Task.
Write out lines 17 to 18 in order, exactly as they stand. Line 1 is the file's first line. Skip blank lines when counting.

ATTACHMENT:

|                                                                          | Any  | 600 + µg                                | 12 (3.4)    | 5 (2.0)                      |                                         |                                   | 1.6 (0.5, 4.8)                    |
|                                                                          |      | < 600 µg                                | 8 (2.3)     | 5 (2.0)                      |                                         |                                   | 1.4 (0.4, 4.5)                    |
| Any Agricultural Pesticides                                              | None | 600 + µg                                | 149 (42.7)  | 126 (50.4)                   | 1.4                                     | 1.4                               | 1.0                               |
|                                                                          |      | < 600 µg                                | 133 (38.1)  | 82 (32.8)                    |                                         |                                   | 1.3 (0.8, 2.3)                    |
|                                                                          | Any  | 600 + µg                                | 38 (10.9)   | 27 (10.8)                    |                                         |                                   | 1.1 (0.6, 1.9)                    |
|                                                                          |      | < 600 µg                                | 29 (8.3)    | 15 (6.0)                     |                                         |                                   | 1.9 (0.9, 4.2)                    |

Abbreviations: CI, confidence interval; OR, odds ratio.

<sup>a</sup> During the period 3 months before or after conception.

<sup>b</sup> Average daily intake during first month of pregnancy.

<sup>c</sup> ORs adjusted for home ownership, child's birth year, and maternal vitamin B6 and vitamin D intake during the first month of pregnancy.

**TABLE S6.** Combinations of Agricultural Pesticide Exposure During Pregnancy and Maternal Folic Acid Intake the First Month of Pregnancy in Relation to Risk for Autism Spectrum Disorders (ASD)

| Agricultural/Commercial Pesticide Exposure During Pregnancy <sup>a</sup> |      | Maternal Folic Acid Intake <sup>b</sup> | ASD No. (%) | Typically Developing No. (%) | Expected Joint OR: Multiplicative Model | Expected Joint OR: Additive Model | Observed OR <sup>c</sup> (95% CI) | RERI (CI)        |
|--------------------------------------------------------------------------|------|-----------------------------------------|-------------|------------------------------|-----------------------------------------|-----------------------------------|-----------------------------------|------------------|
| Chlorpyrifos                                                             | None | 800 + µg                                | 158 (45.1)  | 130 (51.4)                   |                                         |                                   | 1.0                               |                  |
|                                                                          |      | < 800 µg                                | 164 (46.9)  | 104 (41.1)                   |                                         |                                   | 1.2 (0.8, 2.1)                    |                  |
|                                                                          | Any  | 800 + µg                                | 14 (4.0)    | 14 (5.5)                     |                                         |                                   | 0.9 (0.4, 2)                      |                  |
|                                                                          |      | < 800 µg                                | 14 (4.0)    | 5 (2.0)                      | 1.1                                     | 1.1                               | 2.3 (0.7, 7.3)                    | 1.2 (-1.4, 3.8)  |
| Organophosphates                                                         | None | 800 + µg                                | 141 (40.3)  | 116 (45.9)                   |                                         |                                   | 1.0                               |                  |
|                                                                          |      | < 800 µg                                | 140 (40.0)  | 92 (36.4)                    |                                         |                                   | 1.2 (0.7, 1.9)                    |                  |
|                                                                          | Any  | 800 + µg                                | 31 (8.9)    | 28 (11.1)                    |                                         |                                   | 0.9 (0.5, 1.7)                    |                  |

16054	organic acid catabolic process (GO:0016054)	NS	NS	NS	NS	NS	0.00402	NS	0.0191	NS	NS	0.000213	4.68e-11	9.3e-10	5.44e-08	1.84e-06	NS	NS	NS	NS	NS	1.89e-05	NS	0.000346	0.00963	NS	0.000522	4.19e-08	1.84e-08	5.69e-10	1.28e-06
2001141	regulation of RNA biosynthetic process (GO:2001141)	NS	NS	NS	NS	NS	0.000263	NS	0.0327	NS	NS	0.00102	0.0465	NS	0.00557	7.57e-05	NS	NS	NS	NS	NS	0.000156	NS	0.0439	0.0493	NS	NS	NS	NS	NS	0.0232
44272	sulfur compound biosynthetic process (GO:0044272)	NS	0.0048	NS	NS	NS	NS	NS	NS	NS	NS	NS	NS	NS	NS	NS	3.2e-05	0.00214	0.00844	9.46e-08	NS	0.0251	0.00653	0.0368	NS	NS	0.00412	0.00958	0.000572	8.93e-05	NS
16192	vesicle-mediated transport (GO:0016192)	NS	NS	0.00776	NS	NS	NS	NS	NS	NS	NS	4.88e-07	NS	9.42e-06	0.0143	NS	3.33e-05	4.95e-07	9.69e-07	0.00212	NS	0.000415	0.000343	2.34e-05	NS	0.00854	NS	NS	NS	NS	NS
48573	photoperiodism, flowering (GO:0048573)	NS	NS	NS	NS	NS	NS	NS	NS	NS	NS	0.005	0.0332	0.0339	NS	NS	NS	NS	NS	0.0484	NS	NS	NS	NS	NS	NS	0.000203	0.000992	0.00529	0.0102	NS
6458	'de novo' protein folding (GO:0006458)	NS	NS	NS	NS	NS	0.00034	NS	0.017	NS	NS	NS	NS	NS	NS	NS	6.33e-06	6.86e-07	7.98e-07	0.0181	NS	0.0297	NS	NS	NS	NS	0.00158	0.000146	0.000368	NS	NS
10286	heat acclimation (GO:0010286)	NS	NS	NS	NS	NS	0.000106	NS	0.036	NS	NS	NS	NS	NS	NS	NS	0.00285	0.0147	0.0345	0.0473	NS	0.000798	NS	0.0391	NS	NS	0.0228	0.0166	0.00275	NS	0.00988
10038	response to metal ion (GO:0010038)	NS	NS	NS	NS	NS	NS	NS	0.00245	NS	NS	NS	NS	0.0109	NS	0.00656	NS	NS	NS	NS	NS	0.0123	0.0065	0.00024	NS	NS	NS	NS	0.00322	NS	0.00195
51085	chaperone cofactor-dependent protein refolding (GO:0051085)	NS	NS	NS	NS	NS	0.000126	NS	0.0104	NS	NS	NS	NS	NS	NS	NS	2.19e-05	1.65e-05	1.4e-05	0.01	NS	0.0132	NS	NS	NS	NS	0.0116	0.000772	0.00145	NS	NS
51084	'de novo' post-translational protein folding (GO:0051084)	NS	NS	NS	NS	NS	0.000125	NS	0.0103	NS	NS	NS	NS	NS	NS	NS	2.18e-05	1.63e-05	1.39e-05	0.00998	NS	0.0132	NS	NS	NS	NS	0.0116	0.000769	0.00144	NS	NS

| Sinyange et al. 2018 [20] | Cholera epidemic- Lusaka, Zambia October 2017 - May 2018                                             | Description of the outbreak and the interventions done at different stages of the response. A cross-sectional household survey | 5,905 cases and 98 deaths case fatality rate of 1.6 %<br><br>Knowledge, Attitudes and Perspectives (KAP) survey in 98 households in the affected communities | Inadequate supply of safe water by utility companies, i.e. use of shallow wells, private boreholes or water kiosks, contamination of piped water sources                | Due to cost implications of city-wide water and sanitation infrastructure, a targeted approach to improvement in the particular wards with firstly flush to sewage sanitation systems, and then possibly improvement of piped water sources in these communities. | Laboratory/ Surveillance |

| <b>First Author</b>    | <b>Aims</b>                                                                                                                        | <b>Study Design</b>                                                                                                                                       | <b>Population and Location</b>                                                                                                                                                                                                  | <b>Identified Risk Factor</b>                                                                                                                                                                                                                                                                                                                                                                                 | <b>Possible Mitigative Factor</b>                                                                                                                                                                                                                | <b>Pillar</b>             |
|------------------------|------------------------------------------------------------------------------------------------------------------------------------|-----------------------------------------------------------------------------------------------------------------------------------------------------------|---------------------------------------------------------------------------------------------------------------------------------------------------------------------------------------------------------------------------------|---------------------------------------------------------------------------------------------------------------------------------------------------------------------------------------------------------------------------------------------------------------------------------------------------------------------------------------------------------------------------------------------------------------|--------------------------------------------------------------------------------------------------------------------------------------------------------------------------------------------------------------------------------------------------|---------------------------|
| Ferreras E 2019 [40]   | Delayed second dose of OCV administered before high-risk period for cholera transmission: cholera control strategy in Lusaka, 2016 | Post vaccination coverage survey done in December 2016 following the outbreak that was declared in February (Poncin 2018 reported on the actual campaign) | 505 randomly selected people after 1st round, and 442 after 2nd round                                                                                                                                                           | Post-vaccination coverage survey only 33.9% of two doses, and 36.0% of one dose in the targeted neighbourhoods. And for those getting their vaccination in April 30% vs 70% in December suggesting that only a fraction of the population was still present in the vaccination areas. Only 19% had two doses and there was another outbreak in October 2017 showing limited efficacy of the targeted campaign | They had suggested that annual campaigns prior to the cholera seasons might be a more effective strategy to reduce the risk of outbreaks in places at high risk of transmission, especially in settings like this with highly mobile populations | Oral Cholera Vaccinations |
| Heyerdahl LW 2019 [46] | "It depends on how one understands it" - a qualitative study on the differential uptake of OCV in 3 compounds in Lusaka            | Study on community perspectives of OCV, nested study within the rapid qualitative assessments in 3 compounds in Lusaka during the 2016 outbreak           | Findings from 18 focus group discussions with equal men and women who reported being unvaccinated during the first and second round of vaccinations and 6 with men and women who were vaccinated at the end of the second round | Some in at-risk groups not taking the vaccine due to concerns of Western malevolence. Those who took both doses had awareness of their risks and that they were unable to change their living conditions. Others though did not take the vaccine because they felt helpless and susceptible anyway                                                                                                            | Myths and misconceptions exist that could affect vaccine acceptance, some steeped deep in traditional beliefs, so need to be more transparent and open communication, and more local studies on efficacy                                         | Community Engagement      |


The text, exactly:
|                                                                          |      | < 800 µg                                | 14 (4.0)    | 5 (2.0)                      | 1.1                                     | 1.1                               | 2.3 (0.7, 7.3)                    | 1.2 (-1.4, 3.8)  |
| Organophosphates                                                         | None | 800 + µg                                | 141 (40.3)  | 116 (45.9)                   |                                         |                                   | 1.0                               |                  |